## Fig

14-2 Solubility of CO2 in 30 wt% MEA and propylene carbonate. Logarithm scale focus on low-pressure region.

For quite a number of physically absorbed gases, Henry's law holds very well when the partial pressure of the solute is less than about 101 kPa (1 atm). For partial pressures above 101 kPa, H may be independent of the partial pressure (Fig. 14-1), but this needs to be verified for the particular system of interest. The variation of H with temperature is a strongly nonlinear function of temperature as discussed by Poling, Prausnitz, and O'Connell (The Properties of Gases and Liquids, 5th ed., McGraw-Hill, New York, 2000). Consultation of this reference is recommended when temperature and pressure extrapolations of Henry's law data are needed.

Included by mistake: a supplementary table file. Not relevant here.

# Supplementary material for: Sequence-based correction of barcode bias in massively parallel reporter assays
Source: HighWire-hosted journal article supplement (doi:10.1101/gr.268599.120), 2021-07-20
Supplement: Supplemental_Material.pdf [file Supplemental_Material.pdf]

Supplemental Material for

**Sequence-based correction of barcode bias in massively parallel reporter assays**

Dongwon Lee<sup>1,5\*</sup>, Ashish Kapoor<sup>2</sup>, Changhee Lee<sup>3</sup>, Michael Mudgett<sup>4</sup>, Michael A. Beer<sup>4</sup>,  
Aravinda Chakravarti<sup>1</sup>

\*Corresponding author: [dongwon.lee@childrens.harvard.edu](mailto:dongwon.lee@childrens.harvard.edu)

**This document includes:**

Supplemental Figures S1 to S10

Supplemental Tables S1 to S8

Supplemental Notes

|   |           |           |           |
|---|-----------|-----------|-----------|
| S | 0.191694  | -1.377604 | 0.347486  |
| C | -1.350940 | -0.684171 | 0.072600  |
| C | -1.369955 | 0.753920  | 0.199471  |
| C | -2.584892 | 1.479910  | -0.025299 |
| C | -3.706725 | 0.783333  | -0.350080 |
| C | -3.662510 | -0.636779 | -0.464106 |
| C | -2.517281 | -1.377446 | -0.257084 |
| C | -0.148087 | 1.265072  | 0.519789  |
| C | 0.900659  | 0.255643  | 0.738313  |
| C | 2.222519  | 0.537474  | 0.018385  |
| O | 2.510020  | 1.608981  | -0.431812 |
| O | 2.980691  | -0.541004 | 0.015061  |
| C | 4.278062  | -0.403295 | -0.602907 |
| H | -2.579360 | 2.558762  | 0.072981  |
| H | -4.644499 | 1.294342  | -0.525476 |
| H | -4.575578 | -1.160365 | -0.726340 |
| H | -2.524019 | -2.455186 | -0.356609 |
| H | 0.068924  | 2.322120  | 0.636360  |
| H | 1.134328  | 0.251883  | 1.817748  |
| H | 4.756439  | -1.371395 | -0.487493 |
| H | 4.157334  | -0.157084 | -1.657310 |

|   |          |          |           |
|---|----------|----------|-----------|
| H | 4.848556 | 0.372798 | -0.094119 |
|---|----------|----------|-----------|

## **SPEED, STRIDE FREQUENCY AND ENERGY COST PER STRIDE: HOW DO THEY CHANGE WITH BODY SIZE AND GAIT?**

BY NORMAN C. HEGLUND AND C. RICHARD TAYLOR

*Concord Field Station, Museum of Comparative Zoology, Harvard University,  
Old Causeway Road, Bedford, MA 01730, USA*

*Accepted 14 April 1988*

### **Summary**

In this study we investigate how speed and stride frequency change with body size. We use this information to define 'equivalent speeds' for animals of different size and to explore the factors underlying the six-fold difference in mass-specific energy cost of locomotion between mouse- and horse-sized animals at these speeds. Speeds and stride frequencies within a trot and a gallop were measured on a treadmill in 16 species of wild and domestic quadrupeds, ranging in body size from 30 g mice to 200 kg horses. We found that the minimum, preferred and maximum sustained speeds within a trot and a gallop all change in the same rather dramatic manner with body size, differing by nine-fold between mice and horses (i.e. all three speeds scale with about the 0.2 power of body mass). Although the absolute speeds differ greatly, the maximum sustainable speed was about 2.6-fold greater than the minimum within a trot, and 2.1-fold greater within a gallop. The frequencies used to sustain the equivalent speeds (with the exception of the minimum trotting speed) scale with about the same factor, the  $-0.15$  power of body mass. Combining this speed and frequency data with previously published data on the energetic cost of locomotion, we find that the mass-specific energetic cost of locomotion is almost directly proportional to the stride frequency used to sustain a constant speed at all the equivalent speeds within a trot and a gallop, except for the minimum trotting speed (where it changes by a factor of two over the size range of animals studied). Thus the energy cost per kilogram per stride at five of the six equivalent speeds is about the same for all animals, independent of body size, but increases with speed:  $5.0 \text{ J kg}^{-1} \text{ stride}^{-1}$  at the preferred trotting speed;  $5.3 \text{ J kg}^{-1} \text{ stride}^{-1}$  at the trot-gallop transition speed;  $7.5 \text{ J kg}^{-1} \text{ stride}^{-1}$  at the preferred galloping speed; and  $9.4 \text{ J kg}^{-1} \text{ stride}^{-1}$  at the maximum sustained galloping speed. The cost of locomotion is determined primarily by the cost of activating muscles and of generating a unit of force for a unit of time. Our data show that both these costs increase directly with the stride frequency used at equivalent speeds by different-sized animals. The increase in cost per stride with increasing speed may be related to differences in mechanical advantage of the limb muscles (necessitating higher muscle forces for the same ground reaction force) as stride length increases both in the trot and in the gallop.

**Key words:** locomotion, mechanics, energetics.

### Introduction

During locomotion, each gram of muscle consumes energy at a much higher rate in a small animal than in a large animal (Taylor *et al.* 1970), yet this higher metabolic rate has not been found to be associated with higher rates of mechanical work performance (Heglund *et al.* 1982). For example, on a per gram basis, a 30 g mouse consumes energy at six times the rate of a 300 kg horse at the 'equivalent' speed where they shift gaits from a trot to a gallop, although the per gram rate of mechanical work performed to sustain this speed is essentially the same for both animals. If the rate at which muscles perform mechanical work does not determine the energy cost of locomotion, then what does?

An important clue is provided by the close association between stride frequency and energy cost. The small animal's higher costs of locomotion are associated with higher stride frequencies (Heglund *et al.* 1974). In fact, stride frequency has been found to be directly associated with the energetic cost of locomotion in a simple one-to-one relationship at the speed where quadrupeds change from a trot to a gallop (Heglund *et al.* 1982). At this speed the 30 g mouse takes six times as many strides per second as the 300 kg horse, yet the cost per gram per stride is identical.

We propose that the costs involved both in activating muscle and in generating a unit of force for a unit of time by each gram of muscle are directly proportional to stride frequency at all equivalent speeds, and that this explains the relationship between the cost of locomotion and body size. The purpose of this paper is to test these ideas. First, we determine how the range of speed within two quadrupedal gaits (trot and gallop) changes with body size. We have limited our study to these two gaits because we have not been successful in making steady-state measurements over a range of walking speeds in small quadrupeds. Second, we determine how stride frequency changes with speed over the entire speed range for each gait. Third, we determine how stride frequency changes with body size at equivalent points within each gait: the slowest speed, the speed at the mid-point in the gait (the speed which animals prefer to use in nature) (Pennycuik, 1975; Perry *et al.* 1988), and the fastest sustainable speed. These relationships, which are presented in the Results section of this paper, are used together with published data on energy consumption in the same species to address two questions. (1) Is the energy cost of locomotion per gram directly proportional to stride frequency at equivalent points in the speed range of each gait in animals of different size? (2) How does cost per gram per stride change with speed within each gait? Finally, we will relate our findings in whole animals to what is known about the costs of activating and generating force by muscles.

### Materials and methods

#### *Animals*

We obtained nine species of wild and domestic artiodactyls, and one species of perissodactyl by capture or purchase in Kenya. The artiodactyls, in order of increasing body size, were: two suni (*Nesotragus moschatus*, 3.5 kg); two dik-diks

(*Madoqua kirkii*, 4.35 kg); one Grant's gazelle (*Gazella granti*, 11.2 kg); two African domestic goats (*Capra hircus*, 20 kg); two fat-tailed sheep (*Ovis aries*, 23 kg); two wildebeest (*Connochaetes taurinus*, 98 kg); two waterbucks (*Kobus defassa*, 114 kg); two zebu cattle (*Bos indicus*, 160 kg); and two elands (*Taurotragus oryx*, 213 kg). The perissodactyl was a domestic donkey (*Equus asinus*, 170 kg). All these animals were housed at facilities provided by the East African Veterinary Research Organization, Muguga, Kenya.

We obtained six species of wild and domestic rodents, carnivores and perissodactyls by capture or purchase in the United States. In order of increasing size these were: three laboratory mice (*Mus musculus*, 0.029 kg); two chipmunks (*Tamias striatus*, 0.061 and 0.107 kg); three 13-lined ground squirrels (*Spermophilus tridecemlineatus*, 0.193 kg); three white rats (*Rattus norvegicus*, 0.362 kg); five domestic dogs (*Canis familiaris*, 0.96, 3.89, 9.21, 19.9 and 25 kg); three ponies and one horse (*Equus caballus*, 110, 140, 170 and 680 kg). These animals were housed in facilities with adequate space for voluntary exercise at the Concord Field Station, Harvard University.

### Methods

The use of Henry's law constants is illustrated by the following example.

Example 1: Gas Solubility It is desired to find out how much hydrogen can be dissolved in 100 weights of water from a gas mixture when the total pressure is 101.3 kPa (760 torr; 1 atm), the partial pressure of the H2 is 26.7 kPa (200 torr), and the temperature is 20°C. For partial pressures up to about 100 kPa the value of H is given in Sec. 3 as 6.92 x 106 kPa (6.83 x 104 atm) at 20°C. According to Henry's law, xUl = phIHh, = 26.7/6.92 x 106 = 3.86 x 10-6

The mole fraction x is the ratio of the number of moles of H2 in solution to the total moles of all constituents contained. To calculate the weights of H2 per 100 weights of H2O, one can use the following formula, where the subscripts A and w correspond to the solute (hydrogen) and solvent (water):

0 0